Barbara Kay, Poland's "preemie miracle" is an embarrassing postscript to Henry Morgentaler's Order of Canada
Posted: October 10, 2008, 7:56 AM by Jonathan Kay
Abortion czar Dr Henry Morgentaler will be receiving his Order of Canada in a quiet little ceremony in Quebec City today. The typical OC is inducted in Ottawa amongst his or her peers. So it is fitting that Dr Morgentaler's should be in Quebec, where the abortion rate is double that of the rest of Canada, and therefore the least likely place in Canada to draw a large protest. Ah well, just one more symbolic displacement from the centre of Canadian life for the peripatetic abortionist.
Dr Morgentaler was born in Poland. By coincidence CNN has been running a series this week, Eye on Poland, which offers "wide-ranging reports on this complex country tackling a time of transition; from Warsaw to Sopot, to Gdansk, Krakow and Lodz." The series has much to say about the country' history, economy, political progress, arts and so forth. But thanks to information I received via Vancouver medical researcher Brent Rooney, who focuses on premature risk factors, here is a little known fact about Poland that is unlikely to be aired on CNN: Since 1995, Poland's extreme preterm birth rate (XPT) per 100 live births has plummeted by 98% .
An XPT birth is one that occurs at 28 or under weeks gestation (normal gestation is between 39 and 42 weeks) - and amongst the many other deficits associated with XPT is Cerebral Palsy. The risk of Cerebral Palsy is about 38 times higher in XPB births than in the overall newborn population: that is, a live birth at 28 weeks or less leads to a more than 3700% increase in Cerebral Palsy. So naturally any young woman contemplating a family would want to know how to minimize the risk of an XPT birth.
Here's where the statistic I mentioned above about Poland gets interesting. While the Polish XPT rate has dropped by 21% between 1980-2006, the U.S. preterm birth rate has escalated by 44%. The reason for Poland's "preemie miracle" can be found in the induced abortion rates for the corresponding years. In 1989 Poland instituted a very restrictive abortion law. In the next four years induced abortion rates went down by 98% per 100 live births. Opponents of the law predicted a health disaster. But not only did the preterm rate decrease, maternal mortality also declined by 41% according to studies reflecting rates from 1995-97, while infant mortality decreased by 25%. You can check out the uncontested research link between "prior first trimester induced abortion" as an "immutable medical risk factor associated with preterm birth" here.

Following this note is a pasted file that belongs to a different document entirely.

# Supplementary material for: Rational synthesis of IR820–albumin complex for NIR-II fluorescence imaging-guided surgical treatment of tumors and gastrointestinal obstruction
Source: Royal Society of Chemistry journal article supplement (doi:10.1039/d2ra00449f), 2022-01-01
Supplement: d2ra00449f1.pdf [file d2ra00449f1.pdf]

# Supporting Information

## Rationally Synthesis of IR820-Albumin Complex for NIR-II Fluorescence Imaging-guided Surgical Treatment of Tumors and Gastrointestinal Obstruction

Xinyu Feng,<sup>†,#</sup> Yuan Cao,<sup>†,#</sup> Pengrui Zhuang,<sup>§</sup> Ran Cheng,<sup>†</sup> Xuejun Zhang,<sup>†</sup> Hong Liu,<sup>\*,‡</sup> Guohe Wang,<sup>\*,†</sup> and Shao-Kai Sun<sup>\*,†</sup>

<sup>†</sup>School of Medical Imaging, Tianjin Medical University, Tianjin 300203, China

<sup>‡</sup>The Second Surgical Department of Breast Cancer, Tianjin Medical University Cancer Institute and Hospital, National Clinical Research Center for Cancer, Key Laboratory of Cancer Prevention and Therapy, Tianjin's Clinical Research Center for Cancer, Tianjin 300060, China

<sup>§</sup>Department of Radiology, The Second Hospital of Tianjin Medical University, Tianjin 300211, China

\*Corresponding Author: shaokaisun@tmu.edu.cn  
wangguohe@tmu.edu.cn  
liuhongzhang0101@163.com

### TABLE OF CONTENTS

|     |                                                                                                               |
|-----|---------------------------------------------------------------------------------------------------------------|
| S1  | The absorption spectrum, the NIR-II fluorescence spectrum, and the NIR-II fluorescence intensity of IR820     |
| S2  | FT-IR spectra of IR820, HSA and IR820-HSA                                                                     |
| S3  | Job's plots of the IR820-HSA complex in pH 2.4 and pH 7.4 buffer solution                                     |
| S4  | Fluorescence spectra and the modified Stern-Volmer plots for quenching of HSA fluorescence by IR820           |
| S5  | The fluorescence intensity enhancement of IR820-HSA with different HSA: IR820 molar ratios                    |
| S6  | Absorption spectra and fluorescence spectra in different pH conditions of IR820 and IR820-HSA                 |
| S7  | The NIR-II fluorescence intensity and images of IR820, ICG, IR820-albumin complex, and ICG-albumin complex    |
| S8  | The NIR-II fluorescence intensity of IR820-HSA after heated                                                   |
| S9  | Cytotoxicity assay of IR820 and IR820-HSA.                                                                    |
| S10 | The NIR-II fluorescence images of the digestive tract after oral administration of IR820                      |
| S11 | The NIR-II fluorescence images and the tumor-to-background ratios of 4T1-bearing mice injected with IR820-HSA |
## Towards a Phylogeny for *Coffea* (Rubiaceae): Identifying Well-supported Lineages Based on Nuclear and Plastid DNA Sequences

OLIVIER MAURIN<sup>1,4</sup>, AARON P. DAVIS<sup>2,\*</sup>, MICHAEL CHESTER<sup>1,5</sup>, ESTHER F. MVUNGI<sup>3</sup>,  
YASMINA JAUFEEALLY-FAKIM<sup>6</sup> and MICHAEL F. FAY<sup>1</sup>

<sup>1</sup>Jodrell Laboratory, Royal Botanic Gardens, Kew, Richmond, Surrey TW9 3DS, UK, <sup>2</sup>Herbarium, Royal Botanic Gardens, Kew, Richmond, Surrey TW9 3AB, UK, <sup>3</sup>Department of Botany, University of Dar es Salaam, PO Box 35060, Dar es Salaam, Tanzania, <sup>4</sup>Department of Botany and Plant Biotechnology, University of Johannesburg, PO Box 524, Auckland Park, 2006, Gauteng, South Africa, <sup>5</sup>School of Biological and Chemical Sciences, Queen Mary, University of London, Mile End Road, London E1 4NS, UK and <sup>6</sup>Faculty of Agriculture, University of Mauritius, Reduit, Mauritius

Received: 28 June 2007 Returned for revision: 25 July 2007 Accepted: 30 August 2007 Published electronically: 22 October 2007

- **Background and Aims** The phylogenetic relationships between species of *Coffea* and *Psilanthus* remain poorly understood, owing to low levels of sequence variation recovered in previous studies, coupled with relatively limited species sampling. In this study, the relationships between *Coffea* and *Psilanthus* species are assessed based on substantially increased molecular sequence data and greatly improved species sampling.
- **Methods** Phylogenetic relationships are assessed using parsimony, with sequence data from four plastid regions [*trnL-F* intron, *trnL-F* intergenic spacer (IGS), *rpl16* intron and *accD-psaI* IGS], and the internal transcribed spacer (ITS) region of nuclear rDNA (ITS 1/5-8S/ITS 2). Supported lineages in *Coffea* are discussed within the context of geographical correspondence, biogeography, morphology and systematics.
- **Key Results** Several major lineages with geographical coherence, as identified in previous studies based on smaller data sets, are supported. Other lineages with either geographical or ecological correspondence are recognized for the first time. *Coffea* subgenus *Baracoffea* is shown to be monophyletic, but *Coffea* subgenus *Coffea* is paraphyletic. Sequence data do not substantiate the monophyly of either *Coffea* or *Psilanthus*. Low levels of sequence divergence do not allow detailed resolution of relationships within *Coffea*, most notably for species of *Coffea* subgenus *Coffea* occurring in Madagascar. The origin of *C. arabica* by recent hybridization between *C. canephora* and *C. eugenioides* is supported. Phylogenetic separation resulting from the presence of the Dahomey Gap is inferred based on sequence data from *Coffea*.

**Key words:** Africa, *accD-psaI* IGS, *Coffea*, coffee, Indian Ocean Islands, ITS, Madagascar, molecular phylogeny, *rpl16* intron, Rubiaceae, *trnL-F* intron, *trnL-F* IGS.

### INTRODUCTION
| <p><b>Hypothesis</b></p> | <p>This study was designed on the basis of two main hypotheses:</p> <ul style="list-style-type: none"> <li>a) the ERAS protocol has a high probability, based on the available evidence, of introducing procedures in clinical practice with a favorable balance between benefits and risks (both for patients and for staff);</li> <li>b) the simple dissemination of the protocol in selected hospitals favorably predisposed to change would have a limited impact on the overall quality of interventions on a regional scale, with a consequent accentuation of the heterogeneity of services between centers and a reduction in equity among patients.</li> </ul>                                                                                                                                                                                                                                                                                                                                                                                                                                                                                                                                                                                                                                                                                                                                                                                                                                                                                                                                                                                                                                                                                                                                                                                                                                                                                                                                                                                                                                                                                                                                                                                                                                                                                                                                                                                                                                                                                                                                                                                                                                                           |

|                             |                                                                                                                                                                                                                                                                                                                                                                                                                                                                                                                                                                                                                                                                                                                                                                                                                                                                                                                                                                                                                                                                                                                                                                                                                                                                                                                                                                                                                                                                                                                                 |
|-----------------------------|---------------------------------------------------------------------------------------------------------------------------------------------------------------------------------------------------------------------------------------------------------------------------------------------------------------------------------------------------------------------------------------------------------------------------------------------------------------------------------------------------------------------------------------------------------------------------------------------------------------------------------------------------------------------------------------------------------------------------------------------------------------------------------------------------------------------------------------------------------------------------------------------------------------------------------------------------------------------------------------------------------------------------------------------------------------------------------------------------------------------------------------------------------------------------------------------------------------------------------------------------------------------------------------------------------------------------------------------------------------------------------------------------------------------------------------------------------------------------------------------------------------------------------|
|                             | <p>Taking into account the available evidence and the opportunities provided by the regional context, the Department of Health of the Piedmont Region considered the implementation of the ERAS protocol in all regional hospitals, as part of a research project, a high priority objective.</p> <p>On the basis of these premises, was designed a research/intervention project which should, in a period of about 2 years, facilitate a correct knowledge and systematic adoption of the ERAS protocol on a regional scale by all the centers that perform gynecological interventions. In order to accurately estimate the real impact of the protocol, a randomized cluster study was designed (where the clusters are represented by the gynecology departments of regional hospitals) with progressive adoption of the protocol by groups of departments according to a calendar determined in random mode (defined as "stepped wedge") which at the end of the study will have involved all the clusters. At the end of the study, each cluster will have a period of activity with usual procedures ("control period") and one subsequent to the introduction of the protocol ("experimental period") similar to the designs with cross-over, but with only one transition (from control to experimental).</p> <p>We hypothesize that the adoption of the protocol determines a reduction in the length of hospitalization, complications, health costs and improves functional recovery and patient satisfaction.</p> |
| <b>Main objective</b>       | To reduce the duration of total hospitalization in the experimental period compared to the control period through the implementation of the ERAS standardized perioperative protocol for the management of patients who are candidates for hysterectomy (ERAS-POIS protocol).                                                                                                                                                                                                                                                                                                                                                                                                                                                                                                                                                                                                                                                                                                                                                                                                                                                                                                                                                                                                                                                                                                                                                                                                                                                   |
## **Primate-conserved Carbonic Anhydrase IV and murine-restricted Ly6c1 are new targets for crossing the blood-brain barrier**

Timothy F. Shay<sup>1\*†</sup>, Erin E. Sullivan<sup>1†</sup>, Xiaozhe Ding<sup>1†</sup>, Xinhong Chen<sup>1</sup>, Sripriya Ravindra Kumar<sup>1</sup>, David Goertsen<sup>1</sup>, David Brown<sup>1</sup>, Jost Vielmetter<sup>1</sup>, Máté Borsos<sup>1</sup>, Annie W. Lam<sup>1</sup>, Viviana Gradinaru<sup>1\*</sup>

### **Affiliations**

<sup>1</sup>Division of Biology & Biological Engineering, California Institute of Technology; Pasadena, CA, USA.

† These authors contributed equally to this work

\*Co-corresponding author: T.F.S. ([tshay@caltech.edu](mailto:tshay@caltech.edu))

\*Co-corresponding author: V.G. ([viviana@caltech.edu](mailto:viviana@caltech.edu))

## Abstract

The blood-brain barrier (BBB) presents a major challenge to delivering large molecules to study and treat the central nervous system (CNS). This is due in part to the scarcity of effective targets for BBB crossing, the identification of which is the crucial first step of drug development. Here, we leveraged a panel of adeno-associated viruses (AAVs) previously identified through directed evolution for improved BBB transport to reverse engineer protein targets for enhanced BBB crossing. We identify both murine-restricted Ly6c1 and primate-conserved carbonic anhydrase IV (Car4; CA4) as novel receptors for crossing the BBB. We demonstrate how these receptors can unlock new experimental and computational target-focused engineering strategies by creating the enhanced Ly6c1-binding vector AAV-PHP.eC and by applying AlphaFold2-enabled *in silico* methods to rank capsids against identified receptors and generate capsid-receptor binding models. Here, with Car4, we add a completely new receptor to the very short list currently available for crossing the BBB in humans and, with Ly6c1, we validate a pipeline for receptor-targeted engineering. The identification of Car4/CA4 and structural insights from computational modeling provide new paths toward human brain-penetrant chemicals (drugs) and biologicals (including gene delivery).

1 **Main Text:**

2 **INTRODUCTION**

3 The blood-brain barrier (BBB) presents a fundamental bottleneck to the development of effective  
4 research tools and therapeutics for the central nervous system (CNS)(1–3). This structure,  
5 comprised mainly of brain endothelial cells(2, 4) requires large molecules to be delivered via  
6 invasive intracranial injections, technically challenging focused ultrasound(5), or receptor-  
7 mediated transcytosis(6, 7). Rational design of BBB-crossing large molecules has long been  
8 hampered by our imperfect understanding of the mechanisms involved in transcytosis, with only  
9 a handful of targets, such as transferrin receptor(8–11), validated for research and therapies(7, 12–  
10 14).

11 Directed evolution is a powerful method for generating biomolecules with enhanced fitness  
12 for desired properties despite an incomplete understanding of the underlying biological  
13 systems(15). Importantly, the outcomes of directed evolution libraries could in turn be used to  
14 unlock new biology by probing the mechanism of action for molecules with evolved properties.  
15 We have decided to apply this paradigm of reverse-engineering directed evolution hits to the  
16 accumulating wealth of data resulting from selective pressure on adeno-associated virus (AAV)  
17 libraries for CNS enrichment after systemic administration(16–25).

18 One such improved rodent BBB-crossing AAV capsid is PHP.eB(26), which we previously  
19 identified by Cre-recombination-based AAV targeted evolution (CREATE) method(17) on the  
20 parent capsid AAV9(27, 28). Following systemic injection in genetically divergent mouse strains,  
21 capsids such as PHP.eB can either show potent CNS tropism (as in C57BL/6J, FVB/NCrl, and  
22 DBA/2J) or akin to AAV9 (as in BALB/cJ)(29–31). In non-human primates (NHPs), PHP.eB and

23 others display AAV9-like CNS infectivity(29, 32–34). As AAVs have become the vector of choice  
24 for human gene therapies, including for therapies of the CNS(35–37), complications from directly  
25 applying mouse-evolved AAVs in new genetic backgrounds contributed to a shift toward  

Let me be clear: I am not advocating a repeal of the right to abortion for Canadian women. I am, however, advocating for stricter "informed consent" laws around abortion. Dr Henry Morgentaler is the reason most women in Canada believe that abortion is a risk-free intervention. You will not see XPT birth listed as an elevated risk for a future pregnancy on pro-choice websites or on the consent forms at any Morgentaler clinic nor, to my knowledge, at any other abortion clinic. Indeed, as became clear when, as I reported in a previous column, I sent a "sleuth" to a Morgentaler clinic posing as a woman contemplating an abortion, she was told by a doctor there in no uncertain term: "One, two, three abortions, there are no risks [for future pregnancies].”
If women knew about these and other risks of induced abortion, the only surgical intervention that is routinely performed on women without having been performed first in animal studies, at the very least the rate of multiple abortions would decrease. The benefit to our health care system is obvious: fewer future high-risk pregnancies would immediately reduce pregnancy-related costs and high-tech, labour-intensive care in neo-natal units, not to mention the dramatic decrease in the high lifetime burden of care associated with the stricken children. The emotional costs to the parents of these children are of course incalculable, and any information that would lead to fewer such tragedies should be an outcome all Canadians, including the most fervently pro-choice amongst us, should welcome.
And so, as Dr Morgentaler receives his Order of Canada today, let us reflect on the irony of life. We so often hear the phrase "rush to judgment" when we speak of people charged with a crime they may not have committed. We should also be careful of the "rush to honour" those whose legacy may embarrass us. And here in Quebec City today is, verily, a case in point of a rush to honour I believe will one day prove a cautionary tale for the Order of Canada committee.